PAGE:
If your restaurant has pivoted to mostly takeout service in recent months, you may long for the days when you were serving attractively plated meals. But since takeout is here to stay, can you find a better way to present your off-premise meals? Offering durable reusable containers may help you – and may also help ease your customers’ guilt about the mountain of takeout containers and utensils they have likely accumulated from their favorite restaurants this year. (The Washington Post recently reported the troubling statistic from National Geographic that the U.S. uses more than 36 billion disposable utensils annually – an amount which, if laid end to end, would circle the world 139 times.) Not only is serving food in reusable containers more eco-friendly and budget-friendly if used in the long term – it’s more appealing to customers than eating out of cardboard or from an unrecyclable plastic container that has to then be tossed in the garbage. It also provides an additional means for restaurants to demonstrate (and market) to customers that they are taking steps to minimize their impact on the environment. This Fast Company report mentions Dispatch Goods as one company that is offering a reusable container service that, for a small additional fee, allows customers to set their takeout containers outside in a reusable bag for pickup, cleaning and later reuse by the restaurant. Companies like this are becoming more common and cost-effective for restaurants. Could the model work for you?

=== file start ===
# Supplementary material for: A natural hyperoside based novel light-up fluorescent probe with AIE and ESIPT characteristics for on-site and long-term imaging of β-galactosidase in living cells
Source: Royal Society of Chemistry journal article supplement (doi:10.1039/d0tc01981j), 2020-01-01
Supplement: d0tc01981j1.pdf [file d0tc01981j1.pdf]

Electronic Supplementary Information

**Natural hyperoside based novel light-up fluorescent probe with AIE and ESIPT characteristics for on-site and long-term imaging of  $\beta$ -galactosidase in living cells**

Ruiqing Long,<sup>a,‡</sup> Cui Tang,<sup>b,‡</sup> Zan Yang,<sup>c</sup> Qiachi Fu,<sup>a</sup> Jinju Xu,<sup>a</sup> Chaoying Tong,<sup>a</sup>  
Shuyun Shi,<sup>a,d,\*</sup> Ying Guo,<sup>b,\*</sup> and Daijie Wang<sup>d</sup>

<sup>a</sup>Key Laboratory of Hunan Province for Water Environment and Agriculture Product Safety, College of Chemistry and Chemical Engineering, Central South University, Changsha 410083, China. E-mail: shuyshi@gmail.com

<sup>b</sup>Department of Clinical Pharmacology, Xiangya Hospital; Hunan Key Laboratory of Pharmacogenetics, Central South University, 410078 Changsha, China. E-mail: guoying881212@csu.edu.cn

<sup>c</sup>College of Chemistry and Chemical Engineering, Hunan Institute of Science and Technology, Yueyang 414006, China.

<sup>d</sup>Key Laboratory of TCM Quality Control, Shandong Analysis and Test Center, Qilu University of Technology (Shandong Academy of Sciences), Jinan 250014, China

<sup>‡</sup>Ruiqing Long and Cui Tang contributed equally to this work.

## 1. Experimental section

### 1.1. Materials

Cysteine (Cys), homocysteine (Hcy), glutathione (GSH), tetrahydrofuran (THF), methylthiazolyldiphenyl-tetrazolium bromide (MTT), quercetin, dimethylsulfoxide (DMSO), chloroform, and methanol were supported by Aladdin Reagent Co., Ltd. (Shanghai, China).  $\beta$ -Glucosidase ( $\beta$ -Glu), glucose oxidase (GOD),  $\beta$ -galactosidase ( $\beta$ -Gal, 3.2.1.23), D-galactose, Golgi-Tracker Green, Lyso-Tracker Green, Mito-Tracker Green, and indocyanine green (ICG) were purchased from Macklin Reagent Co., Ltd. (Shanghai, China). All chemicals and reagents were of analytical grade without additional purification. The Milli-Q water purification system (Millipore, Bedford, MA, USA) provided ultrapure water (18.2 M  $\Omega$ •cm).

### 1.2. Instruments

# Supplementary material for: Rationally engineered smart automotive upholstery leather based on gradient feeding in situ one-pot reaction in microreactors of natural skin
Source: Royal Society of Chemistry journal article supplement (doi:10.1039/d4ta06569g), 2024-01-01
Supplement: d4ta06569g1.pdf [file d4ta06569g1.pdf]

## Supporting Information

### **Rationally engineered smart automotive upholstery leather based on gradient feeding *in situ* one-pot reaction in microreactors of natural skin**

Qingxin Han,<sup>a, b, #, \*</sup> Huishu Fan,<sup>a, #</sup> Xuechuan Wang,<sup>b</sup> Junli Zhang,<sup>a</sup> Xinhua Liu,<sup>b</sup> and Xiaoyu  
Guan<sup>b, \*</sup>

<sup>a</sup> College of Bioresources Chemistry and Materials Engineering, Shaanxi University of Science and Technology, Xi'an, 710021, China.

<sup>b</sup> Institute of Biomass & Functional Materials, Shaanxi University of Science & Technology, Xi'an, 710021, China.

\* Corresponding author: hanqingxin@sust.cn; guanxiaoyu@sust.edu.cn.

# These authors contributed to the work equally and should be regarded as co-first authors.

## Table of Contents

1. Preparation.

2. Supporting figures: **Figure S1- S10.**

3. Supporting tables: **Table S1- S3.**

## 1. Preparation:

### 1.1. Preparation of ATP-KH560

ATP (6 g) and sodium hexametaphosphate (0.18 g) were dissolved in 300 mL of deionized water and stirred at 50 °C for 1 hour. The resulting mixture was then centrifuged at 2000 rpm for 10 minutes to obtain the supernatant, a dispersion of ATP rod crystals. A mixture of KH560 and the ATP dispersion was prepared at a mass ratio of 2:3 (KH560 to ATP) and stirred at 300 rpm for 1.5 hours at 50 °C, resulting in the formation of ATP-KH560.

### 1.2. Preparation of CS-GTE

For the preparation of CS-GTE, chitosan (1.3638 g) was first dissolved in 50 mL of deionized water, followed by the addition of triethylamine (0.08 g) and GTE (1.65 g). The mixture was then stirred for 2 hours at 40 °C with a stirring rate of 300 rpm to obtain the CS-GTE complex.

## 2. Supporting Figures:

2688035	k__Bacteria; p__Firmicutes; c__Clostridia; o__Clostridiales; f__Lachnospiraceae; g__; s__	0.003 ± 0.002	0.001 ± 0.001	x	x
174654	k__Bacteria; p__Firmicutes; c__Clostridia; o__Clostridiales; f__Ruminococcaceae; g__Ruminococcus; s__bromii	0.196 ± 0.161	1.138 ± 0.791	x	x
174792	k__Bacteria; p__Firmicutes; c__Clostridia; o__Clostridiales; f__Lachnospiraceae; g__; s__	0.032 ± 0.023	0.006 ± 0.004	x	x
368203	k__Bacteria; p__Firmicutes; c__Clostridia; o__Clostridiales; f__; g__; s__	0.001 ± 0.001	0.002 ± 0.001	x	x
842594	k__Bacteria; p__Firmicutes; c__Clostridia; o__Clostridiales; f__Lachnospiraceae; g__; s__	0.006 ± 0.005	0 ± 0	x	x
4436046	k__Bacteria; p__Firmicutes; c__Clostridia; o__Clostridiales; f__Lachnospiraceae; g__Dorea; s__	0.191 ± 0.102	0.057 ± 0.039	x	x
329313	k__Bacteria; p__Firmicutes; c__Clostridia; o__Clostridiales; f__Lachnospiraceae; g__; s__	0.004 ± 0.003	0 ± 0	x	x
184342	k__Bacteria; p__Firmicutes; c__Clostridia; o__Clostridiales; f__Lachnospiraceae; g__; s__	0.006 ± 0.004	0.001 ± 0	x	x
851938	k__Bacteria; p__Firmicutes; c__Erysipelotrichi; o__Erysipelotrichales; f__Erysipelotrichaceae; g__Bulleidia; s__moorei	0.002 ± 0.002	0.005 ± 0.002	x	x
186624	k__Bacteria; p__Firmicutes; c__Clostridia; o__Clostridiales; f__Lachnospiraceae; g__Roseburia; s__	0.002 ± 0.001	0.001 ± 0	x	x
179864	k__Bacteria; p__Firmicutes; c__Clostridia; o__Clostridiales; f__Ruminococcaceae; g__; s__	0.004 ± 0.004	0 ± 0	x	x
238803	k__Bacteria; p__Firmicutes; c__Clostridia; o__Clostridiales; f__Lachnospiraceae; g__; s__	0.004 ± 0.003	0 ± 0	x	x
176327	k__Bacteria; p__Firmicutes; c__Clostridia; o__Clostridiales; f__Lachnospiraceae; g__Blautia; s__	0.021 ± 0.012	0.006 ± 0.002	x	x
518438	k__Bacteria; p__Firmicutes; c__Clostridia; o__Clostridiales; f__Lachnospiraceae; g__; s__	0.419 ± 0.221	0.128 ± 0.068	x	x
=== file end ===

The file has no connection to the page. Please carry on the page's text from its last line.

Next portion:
Restaurant industry analysts have said that in a period of just a few months, the pandemic has thrust the ghost kitchen market several years into the future. As more ghost kitchens come into the market, traditional operators may need to adapt to shifting budgetary needs and consumer expectations. A Restaurant Dive article reported recently that Peter Schatzberg, founder of Dubai-based Sweetheart Kitchen, said while a typical restaurant processes 15 to 20 delivery orders per hour, a ghost kitchen can process 60 orders – and with a single employee. If ghost kitchens increasingly demonstrate such economies of scale – by churning out orders quickly to more customers, with fewer staff, working from real estate occupying a smaller footprint – it will likely change the game for restaurant operators offering delivery from their traditional kitchens. How could your restaurant adapt?